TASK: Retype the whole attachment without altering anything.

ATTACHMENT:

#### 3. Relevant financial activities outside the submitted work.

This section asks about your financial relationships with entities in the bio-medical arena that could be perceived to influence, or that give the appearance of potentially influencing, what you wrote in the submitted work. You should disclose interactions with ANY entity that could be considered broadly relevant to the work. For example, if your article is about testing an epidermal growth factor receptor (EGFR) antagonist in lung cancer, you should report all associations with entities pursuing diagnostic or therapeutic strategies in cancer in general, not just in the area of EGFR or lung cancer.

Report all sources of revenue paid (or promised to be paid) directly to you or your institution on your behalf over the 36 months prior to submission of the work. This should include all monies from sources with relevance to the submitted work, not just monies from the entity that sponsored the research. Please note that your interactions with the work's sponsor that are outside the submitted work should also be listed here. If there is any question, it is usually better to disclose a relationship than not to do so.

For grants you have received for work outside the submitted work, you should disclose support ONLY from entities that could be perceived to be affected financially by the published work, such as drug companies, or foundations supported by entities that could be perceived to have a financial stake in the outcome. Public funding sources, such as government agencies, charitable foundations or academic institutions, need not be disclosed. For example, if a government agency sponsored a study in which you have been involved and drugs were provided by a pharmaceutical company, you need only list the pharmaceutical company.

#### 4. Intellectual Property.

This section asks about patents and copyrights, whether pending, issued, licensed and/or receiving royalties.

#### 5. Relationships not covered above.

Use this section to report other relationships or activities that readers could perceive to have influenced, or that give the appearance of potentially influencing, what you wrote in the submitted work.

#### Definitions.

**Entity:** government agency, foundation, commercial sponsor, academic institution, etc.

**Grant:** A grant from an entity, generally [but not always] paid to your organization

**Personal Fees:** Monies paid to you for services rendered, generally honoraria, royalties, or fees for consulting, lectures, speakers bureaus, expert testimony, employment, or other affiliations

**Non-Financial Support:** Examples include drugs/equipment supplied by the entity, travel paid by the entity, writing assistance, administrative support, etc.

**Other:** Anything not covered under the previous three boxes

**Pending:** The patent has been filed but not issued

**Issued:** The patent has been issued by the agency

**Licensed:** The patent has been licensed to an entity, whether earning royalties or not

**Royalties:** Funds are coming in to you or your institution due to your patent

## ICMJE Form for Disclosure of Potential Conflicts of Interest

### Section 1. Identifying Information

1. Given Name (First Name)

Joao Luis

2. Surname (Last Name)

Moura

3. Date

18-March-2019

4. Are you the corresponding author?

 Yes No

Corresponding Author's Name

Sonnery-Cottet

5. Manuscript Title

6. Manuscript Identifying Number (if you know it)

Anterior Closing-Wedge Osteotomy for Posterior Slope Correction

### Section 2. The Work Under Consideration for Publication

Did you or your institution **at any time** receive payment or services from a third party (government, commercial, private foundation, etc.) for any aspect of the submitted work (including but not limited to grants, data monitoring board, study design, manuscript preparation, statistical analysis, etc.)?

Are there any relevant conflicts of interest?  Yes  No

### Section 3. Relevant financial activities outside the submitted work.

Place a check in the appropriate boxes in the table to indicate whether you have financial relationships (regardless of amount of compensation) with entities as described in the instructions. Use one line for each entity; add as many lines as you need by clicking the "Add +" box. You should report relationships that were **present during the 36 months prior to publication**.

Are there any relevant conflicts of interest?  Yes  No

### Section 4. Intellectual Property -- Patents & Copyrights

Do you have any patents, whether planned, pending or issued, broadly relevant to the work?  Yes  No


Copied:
#### 3. Relevant financial activities outside the submitted work.

This section asks about your financial relationships with entities in the bio-medical arena that could be perceived to influence, or that give the appearance of potentially influencing, what you wrote in the submitted work. You should disclose interactions with ANY entity that could be considered broadly relevant to the work. For example, if your article is about testing an epidermal growth factor receptor (EGFR) antagonist in lung cancer, you should report all associations with entities pursuing diagnostic or therapeutic strategies in cancer in general, not just in the area of EGFR or lung cancer.

Report all sources of revenue paid (or promised to be paid) directly to you or your institution on your behalf over the 36 months prior to submission of the work. This should include all monies from sources with relevance to the submitted work, not just monies from the entity that sponsored the research. Please note that your interactions with the work's sponsor that are outside the submitted work should also be listed here. If there is any question, it is usually better to disclose a relationship than not to do so.

For grants you have received for work outside the submitted work, you should disclose support ONLY from entities that could be perceived to be affected financially by the published work, such as drug companies, or foundations supported by entities that could be perceived to have a financial stake in the outcome. Public funding sources, such as government agencies, charitable foundations or academic institutions, need not be disclosed. For example, if a government agency sponsored a study in which you have been involved and drugs were provided by a pharmaceutical company, you need only list the pharmaceutical company.

#### 4. Intellectual Property.

This section asks about patents and copyrights, whether pending, issued, licensed and/or receiving royalties.

#### 5. Relationships not covered above.

Use this section to report other relationships or activities that readers could perceive to have influenced, or that give the appearance of potentially influencing, what you wrote in the submitted work.

#### Definitions.

**Entity:** government agency, foundation, commercial sponsor, academic institution, etc.

**Grant:** A grant from an entity, generally [but not always] paid to your organization

**Personal Fees:** Monies paid to you for services rendered, generally honoraria, royalties, or fees for consulting, lectures, speakers bureaus, expert testimony, employment, or other affiliations

**Non-Financial Support:** Examples include drugs/equipment supplied by the entity, travel paid by the entity, writing assistance, administrative support, etc.

**Other:** Anything not covered under the previous three boxes

**Pending:** The patent has been filed but not issued

**Issued:** The patent has been issued by the agency

**Licensed:** The patent has been licensed to an entity, whether earning royalties or not

**Royalties:** Funds are coming in to you or your institution due to your patent

## ICMJE Form for Disclosure of Potential Conflicts of Interest

### Section 1. Identifying Information

1. Given Name (First Name)

Joao Luis

2. Surname (Last Name)

Moura

3. Date

18-March-2019

4. Are you the corresponding author?

 Yes No

Corresponding Author's Name

Sonnery-Cottet

5. Manuscript Title

6. Manuscript Identifying Number (if you know it)

Anterior Closing-Wedge Osteotomy for Posterior Slope Correction

### Section 2. The Work Under Consideration for Publication

Did you or your institution **at any time** receive payment or services from a third party (government, commercial, private foundation, etc.) for any aspect of the submitted work (including but not limited to grants, data monitoring board, study design, manuscript preparation, statistical analysis, etc.)?

Are there any relevant conflicts of interest?  Yes  No

### Section 3. Relevant financial activities outside the submitted work.

Place a check in the appropriate boxes in the table to indicate whether you have financial relationships (regardless of amount of compensation) with entities as described in the instructions. Use one line for each entity; add as many lines as you need by clicking the "Add +" box. You should report relationships that were **present during the 36 months prior to publication**.

Are there any relevant conflicts of interest?  Yes  No

### Section 4. Intellectual Property -- Patents & Copyrights

Do you have any patents, whether planned, pending or issued, broadly relevant to the work?  Yes  No